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23 Figure 2.3: Rectangularization: Survival Curve for Men in Germany and Hypothetical Accessible Physiological Lifetime. 0 20 40 60 80 100 0 10 20 30 40 50 60 70 80 90 100Proportion of Survivors Accessible Age Accessible Physiological Lifetime 1982/84 West Germany 1949/51 West Germany 1871/80 German Reich Source: Schramm (1996), p. 25. Moreover, in contrast to the medicalisation thesis, Fries presumes a “compression of morbidity” (Fries 1980, p. 133) which leads not only to rectangularization of the mortality curve, but also of the morbidity curve. This means that medical technological progress and a healthier way of living would result in postponement of chronic diseases and improvement of people’s health status when they are younger. If the occurrence of chronic diseases is more protracted than lifespan increases, then the time of disability and senescence will become shorter in absolute terms. This is called the “absolute compression thesis”. A more moderate version is the “relative compression thesis”, which assumes that only the proportion of lifetime which is spent in chronic illness declines because of the increasing life expectancy. Graphically, with the compression thesis the expenditure pro? le would become smoother in lower ages and steeper in the highest ages (? gure 2.2). 2.3.3. Empirical Evidence The impacts of the medicalisation and the compression theses on the development of total health care expenditure are completely different. Compared to the medicalisation thesis, a status-quo outlook on the basis of present expenditure pro? les would underestimate the true growth development. The compression thesis would exactly predict the opposite and even decreasing per capita health expenditure could be possible (Breyer and Felder 2004, p. 4). As yet, there does not exist any evidence for either one of the theses: the empirical studies which have been carried out have deliver controversial results. Many surveys support the compression thesis: Getzen (1992) accomplished cross-sectional as well as time series analyses based on OECD health data from 20 countries from 1960 to 1988. In an econometric regression he tested real per capita health expenditure on age 24 structure, which is measured by the percentage of the population 65 and over, and growth rates in GNP. He came to the conclusion that ageing is not a signi? cant cause of rising health costs. This result stands in opposition to the medicalisation thesis. Moreover, Dinkel (1998) found indications that the average state of health of the German population, especially of older people, improved between 1978 and 1995. For the UK, Seshamani and Gray (2002) ascertained a decreasing proportion of National Health Service’s (NHS’s) expenditure allocated to older people. Both studies, therefore, disagree with Verbrugge’s supposition that a longer life leads to worsening health. Furthermore, con? rming the residual life-time effect, Lubitz and Riley (1993) showed that between 1976 and 1988 US Medicare costs for people in their last year of life, who accounted for an almost constant rate of around 5 % of all bene? ciaries, ? uctuated between 27.7 and 30.6 % of the total Medicare budget. Per capita expenditure for decedents was seven times higher than for survivors in the same age group.5 Similar outcomes were presented by Zweifel et al. (1999) for Switzerland. Longitudinal data from 1983 to 1992 indicate that health care expenditure depend on remaining time to death rather than calendar age.6 Comparing the number of hospital days, Busse et al. (2002) concluded that people in their last three years of life “consume” the more hospital days the younger they are. Likewise were the results of Hogan et al. (2001).7 Taken together proponents of the compression thesis try to emphasise the in? uence of mortality costs on total health care expenditure. In contrast, advocates of the medicalisation thesis refer to higher expenditure growth rates in older age-groups. Brenner (1992) stated that ageing is consistent with multimorbidity since on average people who are older than 85 years show twice as many diseases than people between 25 and 34 years. Wille and Erbsland (1993) showed that the proportion of expenditure for retirees on total SHI health disbursements increased from 26.1 % in 1970 to 41.4 % in 1991, although the quota of retired to non-retired persons remained almost constant. Diverse effects found Nocera (1996) concluding on Swiss data that outpatient cost development corresponds with the compression thesis while for inpatient treatments the medicalisation thesis appears to be con? rmed. For US Medicare spending, Cutler and Meara (1999) exhibited a real per capita expenditure growth for people above the age of 85 by 4 %, while those between 65 and 69 years rose only by 2 % annually. Likewise Fuchs (1998) stated that change rates tend to be greater at older ages. Comparable developments were detected by Buchner (2002) and Buchner and Wasem (2004) for Germany. With data from the largest German private health insurer, they show that the expenditure pro? les became steeper in the past, i.e. that per capita ex- 5 See also Lubitz et al. (1995) and Hogan et al. (2001) for similar Medicare results. 6 This study has initiated a discussion about the appropriateness of the chosen econometric methodology. Salas and Raftery (2001) and Seshamani and Gray (2004a, 2004b) challenged the robustness of the results. Felder et al. (2000), Zweifel et al. (2001) and Zweifel et al. (2004) tried to use modi? ed approaches to con? rm the original results. 7 However, empirical studies demonstrate that in practice physicians to some extent conduct agerelated rationing, i.e. less intensive treatment for older persons compared to younger ones in cases of same diseases (Brockman 2002). Such an age-related curtailment decreases expenditure for older people and could give misleading evidence for the compression thesis. 25 penditure for older people grew faster than for younger people. Relating to multimorbidity, Naegele (1999) con? rmed that there exists a typical age-related morbidity.8 This brief overview of empirical surveys demonstrates the ongoing debate about the in? uence of the ageing population on the development of health care expenditure. At the moment, only two observations seem to be established: ? rstly, a great proportion of all lifetime health care expenditure accrues in the last months before death. This speaks in favour of the compression thesis, but this insight on its own does not answer the question of how prolonged expectancy of life will in? uence total health care disbursements. Even hypothetical cost savings from delay in morbidity need not be large enough to compensate for cost increases due to potential multimorbidity in the highest age-groups (Miller 2000). Secondly, per capita health care expenditure for older people has grown faster than for younger people in the past. Wasem (1995) called this observation “steeping“ of health care expenditure pro? les. Unless concurrent expenditure for younger people decreases, this observation speaks in favour of the medicalisation thesis. 2.4. Medicalisation and Compression Theses in the Pharmaceutical Sector As long as comprehensive individual medical records are not available, the best conceivable method to ? nd indication for the dynamic relationship between age and disbursements is to analyse the development of the age-related expenditure pro? les. For the pharmaceutical market, Buchner (2002) found that the SHI drug expenditure pro- ? le remained almost constant between 1988 and 1998. This would imply that neither the medicalisation nor compression effect exists. But medications are highly heterogeneous goods which are used against a great number of different disturbances of health. It can be supposed that some drugs are mainly prescribed for diseases which normally occur in the last months of life and others are used largely independently from distance to death and there is an incrementally greater consumption at higher ages. If the trends of the various drugs cancel each other out, looking at total expenditure conceals those different developments. Even if the total expenditure pro? le seem to be unaffected by the ageing population, it could be possible that the pharmaceutical sector partly develops accordingly to both the medicalisation and the compression theses.9 Since results of expenditure forecasts differ depending on whether a 8 Strengthening of the medicalisation thesis could also follow from the so-called “Sisyphus-Syndrome”. According to that theory, medical achievements support the ageing population and could lead to changes of political majorities. If older people win a majority, more political pressure towards comprehensive health care provision could accrue. Zweifel (1989) did not found empirical evidence for this theory. Zweifel et al. (2005) suggest that a “Sisyphus-Syndrome” may have been operative in the OECD countries until the end of the past century. 9 This supposition coincides with the “bi-modal” concept (Kane 1988, SVR 2004) which constitutes a middle-way between both disputed theses. It is based on the assumption that, on average, the population’s health status continuously improves, but concurrently the number of disabled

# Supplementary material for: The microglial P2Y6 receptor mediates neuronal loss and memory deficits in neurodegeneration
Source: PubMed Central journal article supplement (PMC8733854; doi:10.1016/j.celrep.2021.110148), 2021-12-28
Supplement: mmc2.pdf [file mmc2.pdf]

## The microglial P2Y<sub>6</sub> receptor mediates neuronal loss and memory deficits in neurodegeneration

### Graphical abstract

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Zusammenfassung

Der Arzneimittelsektor der Gesetzlichen Krankenversicherung stand wiederholt im Fokus zahlreicher Gesundheitsreformen. Dennoch ist es bislang nicht gelungen, den Trend steigender Ausgaben nachhaltig zu bremsen. Die vorliegende Untersuchung leistet einen Beitrag dazu, die Ursachen dieser Entwicklung zu erklären und Lösungsansätze aufzuzeigen. Mittels Hauptkomponenten- und Cluster-Analyse wurden Gruppen von Arzneimitteln mit vergleichbaren Konsumeigenschaften gebildet. Jede Gruppe wurde auf den Einfluss der Altersabhängigkeit und des technologischen Fortschritts hin analysiert. Aufbauend auf diesen Ergebnissen wurde eine Prognose der zukünftigen Ausgabenentwicklung bis zum Jahr 2050 erstellt. Obwohl die Hauptkostenfaktoren exogen sind, steht der Gesetzgeber dem vorhergesagten ansteigenden Kostenpfad nicht hilflos gegenüber. Im Gegenteil: Anhand ökonometrischer Tests wird gezeigt, dass die Gesundheitspolitik in der Vergangenheit durch wahl- und klientelorientierte Interessendurchsetzung geprägt war. Mehr Effizienz in der Arzneimittelversorgung könnte durch die Einführung individueller Gesundheitssparkonten erzielt werden. Dies bestätigen die Resultate eines vertikal differenzierten Wettbewerbsmodells.